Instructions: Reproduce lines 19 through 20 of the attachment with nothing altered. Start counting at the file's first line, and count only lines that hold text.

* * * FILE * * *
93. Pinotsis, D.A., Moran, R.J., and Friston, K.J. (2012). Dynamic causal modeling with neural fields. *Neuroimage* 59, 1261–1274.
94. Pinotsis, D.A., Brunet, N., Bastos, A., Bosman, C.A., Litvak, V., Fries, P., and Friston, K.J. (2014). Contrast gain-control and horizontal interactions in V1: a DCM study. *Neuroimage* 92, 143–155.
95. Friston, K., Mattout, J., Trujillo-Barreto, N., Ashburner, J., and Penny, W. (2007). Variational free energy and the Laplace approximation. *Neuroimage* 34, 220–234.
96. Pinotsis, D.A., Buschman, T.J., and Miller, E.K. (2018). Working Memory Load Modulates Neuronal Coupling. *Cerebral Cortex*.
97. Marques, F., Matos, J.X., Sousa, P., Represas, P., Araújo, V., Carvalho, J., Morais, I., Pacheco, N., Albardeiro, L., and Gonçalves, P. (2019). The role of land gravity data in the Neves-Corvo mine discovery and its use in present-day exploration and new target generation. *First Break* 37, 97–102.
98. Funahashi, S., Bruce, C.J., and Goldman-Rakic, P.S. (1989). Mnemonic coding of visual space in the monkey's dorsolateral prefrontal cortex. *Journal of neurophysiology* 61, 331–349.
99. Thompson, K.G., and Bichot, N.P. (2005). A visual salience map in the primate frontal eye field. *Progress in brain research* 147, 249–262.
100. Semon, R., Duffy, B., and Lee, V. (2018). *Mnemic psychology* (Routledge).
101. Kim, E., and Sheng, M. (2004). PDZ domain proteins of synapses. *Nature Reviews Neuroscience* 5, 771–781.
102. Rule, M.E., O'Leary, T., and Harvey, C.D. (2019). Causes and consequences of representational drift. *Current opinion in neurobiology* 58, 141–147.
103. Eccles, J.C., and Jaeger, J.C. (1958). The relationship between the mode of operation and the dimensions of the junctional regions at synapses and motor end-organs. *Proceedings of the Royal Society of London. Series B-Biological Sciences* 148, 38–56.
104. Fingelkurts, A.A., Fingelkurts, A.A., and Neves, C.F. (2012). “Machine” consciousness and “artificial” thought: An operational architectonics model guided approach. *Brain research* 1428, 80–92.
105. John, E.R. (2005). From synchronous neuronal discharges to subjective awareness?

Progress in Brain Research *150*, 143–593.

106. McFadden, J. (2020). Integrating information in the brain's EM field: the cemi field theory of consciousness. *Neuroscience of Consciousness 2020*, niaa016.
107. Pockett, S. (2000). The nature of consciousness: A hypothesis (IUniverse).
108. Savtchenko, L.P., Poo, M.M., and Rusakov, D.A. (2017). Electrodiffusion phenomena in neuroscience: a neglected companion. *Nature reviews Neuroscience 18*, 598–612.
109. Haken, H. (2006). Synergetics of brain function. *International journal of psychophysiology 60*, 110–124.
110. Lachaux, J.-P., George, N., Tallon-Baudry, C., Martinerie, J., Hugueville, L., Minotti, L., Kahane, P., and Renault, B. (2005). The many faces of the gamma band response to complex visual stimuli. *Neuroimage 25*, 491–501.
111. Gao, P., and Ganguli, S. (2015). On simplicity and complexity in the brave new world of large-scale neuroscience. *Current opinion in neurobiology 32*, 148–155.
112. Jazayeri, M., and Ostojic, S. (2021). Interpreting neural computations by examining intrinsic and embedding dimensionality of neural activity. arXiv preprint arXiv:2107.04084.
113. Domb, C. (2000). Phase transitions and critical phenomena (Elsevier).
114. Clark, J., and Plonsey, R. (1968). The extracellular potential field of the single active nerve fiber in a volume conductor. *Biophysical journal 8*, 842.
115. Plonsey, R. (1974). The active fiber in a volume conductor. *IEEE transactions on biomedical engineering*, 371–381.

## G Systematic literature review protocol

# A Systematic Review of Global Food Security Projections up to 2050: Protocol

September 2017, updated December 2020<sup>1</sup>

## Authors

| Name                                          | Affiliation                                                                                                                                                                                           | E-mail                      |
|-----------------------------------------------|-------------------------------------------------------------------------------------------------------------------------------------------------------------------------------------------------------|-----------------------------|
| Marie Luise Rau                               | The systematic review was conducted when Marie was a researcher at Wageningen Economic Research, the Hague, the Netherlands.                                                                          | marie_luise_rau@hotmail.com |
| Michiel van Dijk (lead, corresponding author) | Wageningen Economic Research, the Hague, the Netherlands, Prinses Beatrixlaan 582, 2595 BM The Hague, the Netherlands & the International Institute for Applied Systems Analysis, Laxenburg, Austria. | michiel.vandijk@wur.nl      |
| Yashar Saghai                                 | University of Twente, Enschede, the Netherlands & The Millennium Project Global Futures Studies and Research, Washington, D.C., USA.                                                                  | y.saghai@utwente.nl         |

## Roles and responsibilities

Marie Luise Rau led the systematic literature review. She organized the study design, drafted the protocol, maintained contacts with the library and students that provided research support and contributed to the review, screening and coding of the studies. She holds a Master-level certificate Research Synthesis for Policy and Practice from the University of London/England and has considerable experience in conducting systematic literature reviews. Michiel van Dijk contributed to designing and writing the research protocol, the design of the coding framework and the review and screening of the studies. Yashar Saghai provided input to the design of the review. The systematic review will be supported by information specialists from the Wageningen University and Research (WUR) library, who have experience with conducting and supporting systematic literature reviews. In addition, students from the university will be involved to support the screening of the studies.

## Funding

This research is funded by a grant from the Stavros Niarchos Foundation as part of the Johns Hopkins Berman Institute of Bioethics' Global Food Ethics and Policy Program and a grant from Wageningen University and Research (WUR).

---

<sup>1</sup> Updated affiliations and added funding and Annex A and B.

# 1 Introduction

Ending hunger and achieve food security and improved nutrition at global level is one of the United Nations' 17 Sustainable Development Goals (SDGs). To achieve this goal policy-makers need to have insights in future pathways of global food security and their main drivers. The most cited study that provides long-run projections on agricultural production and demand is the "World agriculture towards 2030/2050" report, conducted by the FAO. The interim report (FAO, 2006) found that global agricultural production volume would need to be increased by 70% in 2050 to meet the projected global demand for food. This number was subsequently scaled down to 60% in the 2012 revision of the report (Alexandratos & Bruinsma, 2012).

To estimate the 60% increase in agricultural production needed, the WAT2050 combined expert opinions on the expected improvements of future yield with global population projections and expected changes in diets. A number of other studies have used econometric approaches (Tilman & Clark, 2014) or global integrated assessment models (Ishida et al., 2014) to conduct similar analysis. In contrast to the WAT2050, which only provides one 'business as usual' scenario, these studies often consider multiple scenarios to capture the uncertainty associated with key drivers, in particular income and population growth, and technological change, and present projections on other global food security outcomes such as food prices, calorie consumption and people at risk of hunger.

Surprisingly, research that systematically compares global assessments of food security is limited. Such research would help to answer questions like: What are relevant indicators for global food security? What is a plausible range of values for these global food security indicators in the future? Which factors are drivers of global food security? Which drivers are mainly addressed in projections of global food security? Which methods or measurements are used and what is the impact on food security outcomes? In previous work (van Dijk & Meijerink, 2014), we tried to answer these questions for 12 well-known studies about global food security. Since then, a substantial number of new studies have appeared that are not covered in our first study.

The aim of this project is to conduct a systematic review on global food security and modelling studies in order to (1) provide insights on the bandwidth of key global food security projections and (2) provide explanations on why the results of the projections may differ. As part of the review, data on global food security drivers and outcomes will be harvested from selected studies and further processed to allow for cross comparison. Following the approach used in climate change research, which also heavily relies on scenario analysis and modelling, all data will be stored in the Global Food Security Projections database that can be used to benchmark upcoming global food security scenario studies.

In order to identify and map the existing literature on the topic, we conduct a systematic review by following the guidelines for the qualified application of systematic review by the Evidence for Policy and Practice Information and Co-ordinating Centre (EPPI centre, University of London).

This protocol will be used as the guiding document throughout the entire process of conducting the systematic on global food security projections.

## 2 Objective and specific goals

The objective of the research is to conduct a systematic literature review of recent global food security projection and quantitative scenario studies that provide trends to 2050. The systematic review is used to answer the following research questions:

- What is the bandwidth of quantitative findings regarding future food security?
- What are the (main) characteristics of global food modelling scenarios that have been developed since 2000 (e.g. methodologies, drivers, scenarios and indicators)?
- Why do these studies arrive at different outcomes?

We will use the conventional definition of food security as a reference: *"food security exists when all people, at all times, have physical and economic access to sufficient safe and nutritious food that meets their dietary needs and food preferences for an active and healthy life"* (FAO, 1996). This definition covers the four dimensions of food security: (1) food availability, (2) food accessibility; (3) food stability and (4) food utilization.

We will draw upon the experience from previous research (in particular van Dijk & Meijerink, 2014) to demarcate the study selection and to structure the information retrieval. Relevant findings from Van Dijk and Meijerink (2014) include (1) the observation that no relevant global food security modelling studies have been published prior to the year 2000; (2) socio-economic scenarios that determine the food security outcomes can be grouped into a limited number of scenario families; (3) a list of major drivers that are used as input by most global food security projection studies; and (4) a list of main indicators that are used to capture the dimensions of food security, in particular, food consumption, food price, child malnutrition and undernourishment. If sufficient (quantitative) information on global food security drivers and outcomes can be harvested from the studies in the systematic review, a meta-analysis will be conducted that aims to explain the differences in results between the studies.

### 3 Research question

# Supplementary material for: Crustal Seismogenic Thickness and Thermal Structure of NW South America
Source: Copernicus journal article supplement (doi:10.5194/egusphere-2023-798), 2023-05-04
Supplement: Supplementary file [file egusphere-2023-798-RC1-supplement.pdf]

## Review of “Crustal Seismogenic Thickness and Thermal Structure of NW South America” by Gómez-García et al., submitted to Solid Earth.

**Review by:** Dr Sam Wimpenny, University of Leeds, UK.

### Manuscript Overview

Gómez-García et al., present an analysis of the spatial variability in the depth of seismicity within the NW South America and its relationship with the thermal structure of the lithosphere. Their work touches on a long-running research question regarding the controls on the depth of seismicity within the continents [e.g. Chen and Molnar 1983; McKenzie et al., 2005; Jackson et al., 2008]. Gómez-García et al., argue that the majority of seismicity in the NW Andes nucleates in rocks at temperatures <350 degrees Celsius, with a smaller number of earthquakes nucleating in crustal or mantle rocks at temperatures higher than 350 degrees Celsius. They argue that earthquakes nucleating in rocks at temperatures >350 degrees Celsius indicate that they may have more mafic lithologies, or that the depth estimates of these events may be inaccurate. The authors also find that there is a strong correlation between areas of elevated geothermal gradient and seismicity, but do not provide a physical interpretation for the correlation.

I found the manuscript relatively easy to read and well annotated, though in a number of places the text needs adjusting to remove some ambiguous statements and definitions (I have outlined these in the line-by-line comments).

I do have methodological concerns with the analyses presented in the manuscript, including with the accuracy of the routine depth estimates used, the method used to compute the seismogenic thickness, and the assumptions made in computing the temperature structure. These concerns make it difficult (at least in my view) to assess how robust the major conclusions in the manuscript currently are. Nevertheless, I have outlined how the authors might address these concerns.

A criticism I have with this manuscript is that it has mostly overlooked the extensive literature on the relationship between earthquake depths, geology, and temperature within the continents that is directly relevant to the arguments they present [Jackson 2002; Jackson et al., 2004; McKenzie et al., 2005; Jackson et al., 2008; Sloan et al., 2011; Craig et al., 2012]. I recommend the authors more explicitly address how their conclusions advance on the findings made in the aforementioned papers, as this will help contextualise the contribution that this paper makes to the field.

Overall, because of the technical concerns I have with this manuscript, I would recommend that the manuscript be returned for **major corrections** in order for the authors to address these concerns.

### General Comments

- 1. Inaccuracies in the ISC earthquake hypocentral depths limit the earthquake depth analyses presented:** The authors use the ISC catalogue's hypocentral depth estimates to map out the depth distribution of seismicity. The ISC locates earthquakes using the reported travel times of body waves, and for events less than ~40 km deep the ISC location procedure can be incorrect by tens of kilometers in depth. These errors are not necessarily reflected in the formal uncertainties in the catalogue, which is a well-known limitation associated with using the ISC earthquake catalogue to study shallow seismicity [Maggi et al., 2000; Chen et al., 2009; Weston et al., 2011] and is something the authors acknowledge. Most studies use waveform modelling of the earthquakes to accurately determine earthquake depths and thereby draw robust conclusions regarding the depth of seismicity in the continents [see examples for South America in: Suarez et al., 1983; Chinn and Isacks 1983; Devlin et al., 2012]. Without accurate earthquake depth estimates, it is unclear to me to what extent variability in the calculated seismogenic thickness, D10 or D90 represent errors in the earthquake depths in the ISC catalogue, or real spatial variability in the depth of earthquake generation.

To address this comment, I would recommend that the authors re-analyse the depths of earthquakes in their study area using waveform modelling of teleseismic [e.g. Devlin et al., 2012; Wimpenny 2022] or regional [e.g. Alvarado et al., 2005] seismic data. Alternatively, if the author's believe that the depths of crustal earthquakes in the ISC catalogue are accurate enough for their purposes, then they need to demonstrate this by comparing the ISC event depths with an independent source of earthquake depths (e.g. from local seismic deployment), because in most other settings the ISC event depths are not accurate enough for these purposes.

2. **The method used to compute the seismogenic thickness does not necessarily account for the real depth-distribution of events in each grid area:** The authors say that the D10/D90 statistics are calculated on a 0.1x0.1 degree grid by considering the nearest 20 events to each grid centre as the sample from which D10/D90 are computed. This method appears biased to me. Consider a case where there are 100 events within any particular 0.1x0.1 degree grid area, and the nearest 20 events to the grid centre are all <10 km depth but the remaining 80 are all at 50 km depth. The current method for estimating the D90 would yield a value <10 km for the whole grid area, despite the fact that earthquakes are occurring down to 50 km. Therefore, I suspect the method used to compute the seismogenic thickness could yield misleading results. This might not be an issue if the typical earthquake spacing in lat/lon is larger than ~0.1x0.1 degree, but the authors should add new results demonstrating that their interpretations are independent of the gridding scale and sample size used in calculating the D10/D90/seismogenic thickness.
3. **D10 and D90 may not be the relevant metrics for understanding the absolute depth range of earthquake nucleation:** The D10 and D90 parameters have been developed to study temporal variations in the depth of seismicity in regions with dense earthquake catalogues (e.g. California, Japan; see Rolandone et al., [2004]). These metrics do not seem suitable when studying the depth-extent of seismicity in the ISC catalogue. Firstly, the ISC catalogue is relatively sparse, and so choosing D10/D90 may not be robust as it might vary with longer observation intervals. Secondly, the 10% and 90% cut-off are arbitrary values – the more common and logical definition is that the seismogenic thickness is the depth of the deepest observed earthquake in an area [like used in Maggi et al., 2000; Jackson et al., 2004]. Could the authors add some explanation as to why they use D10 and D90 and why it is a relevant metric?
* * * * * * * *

110. Lachaux, J.-P., George, N., Tallon-Baudry, C., Martinerie, J., Hugueville, L., Minotti, L., Kahane, P., and Renault, B. (2005). The many faces of the gamma band response to complex visual stimuli. *Neuroimage 25*, 491–501.
111. Gao, P., and Ganguli, S. (2015). On simplicity and complexity in the brave new world of large-scale neuroscience. *Current opinion in neurobiology 32*, 148–155.